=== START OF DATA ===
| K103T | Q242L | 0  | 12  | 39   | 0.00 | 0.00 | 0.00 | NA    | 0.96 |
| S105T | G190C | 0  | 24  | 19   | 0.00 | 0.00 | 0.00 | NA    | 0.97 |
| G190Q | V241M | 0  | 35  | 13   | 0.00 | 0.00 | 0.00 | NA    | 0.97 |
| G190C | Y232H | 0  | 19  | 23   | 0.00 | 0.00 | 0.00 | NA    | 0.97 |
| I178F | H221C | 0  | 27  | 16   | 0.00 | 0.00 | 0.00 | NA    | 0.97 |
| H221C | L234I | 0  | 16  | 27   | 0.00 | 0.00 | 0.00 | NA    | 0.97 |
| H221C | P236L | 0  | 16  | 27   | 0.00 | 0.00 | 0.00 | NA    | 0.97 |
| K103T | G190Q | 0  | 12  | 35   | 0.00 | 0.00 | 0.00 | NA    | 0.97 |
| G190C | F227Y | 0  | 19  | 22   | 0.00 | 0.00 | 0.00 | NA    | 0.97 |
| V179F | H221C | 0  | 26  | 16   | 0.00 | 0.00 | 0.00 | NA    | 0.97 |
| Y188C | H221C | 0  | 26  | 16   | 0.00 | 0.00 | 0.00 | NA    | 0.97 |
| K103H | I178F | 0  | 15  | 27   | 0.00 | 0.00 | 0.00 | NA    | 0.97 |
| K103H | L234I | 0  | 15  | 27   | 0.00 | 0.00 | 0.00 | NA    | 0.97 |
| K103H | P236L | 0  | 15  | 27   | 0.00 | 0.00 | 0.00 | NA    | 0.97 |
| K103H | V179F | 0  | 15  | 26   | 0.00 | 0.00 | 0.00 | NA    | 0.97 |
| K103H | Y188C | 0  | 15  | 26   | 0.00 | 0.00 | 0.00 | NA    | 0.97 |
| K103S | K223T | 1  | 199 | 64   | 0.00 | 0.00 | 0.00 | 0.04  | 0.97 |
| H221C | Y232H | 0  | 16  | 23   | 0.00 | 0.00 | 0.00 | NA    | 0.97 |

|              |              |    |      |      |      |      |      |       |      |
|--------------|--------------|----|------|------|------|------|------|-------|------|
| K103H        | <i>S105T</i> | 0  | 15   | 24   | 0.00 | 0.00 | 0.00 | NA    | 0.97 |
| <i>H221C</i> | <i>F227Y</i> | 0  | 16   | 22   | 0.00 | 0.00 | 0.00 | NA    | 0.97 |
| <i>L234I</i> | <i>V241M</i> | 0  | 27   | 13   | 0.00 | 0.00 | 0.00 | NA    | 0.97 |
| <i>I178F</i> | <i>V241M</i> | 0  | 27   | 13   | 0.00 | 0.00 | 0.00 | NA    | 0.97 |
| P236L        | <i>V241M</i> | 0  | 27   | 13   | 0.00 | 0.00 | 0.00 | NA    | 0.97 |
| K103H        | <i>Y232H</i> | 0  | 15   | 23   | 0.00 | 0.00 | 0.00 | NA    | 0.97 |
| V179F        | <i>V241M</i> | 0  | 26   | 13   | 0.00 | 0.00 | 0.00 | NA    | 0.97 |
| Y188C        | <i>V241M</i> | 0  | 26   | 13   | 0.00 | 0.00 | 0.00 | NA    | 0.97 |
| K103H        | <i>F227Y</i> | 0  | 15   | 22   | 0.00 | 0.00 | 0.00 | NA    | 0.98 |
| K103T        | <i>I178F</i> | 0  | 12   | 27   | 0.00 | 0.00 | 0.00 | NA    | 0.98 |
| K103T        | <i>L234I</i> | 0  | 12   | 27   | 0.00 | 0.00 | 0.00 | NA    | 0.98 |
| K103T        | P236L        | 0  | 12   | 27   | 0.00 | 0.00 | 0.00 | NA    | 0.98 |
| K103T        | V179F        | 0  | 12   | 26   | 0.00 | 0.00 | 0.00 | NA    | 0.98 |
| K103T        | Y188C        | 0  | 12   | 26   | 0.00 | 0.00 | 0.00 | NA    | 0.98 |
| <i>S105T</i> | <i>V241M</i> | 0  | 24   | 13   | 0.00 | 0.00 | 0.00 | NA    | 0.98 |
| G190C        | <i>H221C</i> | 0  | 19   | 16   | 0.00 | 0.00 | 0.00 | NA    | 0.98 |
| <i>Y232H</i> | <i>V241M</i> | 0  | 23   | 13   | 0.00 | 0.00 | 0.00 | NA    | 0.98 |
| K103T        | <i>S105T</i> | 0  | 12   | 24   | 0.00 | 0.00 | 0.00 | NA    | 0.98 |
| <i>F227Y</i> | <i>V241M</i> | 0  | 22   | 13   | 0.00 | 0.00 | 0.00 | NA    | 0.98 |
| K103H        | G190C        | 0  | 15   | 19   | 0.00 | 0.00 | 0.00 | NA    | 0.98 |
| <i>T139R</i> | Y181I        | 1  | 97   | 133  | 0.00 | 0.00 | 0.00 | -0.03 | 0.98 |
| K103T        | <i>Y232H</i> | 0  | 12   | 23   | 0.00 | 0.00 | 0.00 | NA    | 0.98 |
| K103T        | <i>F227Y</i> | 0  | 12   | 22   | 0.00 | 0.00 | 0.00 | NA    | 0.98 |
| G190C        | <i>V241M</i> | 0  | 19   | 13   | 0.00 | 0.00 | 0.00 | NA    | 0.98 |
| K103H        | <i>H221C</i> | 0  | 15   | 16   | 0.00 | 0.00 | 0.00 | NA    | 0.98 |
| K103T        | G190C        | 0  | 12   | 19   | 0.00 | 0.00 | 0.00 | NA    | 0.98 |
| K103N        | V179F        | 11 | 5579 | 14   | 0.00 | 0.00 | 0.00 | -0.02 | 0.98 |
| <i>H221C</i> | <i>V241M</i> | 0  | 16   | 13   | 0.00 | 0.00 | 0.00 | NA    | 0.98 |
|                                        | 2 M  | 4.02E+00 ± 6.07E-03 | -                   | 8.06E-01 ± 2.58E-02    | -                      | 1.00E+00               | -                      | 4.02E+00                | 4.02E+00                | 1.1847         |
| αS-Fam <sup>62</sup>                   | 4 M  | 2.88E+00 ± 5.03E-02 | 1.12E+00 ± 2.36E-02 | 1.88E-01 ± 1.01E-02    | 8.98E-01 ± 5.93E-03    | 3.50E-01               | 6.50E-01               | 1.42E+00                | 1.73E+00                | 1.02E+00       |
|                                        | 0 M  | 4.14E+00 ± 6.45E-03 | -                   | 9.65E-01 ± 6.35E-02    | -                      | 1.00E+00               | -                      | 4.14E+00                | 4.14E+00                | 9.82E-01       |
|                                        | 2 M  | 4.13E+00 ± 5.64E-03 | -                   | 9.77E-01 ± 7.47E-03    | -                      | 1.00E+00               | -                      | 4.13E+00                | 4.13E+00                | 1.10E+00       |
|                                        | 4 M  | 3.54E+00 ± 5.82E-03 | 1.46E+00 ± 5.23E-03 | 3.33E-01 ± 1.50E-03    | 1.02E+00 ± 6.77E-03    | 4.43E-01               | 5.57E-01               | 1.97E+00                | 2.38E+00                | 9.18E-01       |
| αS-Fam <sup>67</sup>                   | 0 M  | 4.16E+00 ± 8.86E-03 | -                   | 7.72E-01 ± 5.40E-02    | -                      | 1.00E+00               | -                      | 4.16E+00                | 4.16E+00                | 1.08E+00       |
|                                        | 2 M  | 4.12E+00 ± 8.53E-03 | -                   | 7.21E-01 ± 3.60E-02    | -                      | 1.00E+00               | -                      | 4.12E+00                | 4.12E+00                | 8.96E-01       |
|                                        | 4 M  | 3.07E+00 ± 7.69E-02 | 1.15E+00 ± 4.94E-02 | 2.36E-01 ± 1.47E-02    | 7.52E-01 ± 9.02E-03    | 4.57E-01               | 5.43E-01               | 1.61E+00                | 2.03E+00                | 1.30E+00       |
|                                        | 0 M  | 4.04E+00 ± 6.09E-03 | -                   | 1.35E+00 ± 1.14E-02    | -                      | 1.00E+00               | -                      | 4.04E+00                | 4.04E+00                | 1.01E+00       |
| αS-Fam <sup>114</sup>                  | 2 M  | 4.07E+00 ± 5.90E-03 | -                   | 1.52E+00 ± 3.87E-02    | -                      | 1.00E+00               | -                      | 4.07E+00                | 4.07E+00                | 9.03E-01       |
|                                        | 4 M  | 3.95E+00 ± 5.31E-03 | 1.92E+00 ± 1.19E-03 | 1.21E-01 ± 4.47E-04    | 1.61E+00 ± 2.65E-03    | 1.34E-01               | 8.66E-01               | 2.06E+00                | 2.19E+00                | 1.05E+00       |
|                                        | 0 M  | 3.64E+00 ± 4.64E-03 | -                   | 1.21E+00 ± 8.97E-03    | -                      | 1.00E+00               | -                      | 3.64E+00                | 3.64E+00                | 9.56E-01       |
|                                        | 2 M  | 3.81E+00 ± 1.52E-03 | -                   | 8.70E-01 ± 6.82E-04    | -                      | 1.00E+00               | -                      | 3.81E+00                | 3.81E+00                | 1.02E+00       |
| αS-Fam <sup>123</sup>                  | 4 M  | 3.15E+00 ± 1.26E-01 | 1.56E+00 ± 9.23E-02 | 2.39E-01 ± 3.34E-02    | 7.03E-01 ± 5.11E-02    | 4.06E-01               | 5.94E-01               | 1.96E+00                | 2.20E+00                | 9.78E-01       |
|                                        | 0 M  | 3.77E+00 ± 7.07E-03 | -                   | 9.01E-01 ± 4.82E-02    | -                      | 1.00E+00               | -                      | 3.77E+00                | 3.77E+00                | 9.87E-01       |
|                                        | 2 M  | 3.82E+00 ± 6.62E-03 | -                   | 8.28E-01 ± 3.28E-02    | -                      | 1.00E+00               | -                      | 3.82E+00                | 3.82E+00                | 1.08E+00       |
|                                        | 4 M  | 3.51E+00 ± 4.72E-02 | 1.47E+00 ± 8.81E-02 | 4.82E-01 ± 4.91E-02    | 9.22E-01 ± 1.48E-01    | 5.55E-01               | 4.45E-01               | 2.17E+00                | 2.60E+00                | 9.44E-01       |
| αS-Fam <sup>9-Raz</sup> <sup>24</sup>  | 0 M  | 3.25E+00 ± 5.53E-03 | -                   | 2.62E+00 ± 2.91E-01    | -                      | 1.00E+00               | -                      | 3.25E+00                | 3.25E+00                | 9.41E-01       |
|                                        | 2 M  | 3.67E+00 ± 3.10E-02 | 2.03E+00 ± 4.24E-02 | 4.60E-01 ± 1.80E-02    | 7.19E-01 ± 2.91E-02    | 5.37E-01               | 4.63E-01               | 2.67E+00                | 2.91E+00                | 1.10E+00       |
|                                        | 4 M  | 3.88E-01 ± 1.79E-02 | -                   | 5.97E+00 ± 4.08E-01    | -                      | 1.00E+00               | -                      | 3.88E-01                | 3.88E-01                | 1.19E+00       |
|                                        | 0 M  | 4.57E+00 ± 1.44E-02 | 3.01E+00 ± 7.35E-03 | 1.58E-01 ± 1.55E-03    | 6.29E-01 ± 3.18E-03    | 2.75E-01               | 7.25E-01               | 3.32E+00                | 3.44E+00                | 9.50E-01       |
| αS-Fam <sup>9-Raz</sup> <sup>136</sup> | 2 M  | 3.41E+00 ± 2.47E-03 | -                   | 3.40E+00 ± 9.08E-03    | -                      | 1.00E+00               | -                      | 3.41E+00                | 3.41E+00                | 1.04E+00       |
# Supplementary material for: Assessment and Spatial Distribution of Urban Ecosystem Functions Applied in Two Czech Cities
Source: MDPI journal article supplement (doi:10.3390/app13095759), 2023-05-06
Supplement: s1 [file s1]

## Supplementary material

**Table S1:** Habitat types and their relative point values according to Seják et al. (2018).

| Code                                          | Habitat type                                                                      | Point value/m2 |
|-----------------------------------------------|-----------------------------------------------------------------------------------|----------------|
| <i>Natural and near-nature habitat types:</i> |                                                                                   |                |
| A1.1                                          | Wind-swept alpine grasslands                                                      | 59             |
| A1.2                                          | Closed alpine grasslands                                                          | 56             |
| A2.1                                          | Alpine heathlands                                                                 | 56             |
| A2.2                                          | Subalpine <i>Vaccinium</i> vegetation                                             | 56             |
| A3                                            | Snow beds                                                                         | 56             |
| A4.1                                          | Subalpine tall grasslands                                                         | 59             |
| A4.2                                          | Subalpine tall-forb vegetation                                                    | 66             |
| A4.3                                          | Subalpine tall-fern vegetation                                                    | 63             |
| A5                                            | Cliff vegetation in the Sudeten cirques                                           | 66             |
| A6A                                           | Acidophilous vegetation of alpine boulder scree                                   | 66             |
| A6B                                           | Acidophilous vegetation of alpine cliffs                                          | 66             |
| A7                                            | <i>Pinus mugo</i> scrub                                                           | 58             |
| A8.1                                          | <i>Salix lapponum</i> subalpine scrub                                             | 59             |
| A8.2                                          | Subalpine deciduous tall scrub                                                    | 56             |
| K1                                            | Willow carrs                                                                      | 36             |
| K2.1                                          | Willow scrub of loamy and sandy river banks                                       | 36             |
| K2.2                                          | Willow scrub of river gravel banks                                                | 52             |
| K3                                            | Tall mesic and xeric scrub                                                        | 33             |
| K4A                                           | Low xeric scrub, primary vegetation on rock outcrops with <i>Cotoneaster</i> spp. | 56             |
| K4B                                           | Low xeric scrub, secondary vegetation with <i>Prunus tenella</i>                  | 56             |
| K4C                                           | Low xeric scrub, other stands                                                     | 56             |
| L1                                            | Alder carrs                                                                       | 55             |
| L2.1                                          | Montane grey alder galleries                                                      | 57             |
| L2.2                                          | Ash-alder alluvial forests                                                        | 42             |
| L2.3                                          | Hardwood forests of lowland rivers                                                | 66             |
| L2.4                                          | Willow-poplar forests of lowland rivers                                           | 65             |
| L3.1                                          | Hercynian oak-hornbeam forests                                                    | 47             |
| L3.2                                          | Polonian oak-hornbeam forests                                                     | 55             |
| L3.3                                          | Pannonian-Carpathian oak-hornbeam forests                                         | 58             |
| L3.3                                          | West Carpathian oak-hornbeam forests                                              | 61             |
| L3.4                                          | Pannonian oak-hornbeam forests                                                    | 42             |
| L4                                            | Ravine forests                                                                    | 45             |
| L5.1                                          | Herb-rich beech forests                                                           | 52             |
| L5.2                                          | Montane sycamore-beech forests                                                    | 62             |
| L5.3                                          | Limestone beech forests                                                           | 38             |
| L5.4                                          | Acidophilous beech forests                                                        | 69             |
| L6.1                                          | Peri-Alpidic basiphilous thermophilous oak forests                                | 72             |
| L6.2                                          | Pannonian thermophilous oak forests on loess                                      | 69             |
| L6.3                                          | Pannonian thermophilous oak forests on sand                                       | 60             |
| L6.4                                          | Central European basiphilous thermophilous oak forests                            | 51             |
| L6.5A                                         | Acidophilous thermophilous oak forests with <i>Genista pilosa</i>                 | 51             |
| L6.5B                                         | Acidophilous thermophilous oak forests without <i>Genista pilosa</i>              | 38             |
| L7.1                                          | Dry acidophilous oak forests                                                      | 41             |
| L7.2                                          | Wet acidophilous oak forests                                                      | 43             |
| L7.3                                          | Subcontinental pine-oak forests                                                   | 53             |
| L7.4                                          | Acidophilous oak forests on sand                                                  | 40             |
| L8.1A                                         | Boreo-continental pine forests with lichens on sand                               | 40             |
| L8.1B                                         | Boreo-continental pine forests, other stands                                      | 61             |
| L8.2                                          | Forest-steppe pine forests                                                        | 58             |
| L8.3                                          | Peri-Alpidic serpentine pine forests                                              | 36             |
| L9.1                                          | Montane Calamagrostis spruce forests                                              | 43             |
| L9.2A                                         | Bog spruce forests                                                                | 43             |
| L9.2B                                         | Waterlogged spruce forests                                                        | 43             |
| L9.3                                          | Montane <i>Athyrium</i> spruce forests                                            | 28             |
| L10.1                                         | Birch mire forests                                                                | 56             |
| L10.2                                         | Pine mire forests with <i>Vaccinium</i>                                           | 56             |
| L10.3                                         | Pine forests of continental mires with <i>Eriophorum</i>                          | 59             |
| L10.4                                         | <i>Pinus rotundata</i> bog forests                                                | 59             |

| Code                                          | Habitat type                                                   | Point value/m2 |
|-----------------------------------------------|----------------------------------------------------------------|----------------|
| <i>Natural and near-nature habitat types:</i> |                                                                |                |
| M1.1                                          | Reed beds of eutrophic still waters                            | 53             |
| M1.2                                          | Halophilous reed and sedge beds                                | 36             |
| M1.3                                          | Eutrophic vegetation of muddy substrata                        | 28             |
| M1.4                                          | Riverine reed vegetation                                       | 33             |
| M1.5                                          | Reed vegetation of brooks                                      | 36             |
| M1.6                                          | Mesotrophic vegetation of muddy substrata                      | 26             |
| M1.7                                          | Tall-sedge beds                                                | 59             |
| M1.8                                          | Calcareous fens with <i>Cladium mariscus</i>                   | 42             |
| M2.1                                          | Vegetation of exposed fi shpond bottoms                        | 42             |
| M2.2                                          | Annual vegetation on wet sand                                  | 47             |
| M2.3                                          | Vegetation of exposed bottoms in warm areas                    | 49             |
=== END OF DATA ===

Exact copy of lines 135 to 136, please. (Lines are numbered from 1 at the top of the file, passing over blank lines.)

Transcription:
| L10.3                                         | Pine forests of continental mires with <i>Eriophorum</i>                          | 59             |
| L10.4                                         | <i>Pinus rotundata</i> bog forests                                                | 59             |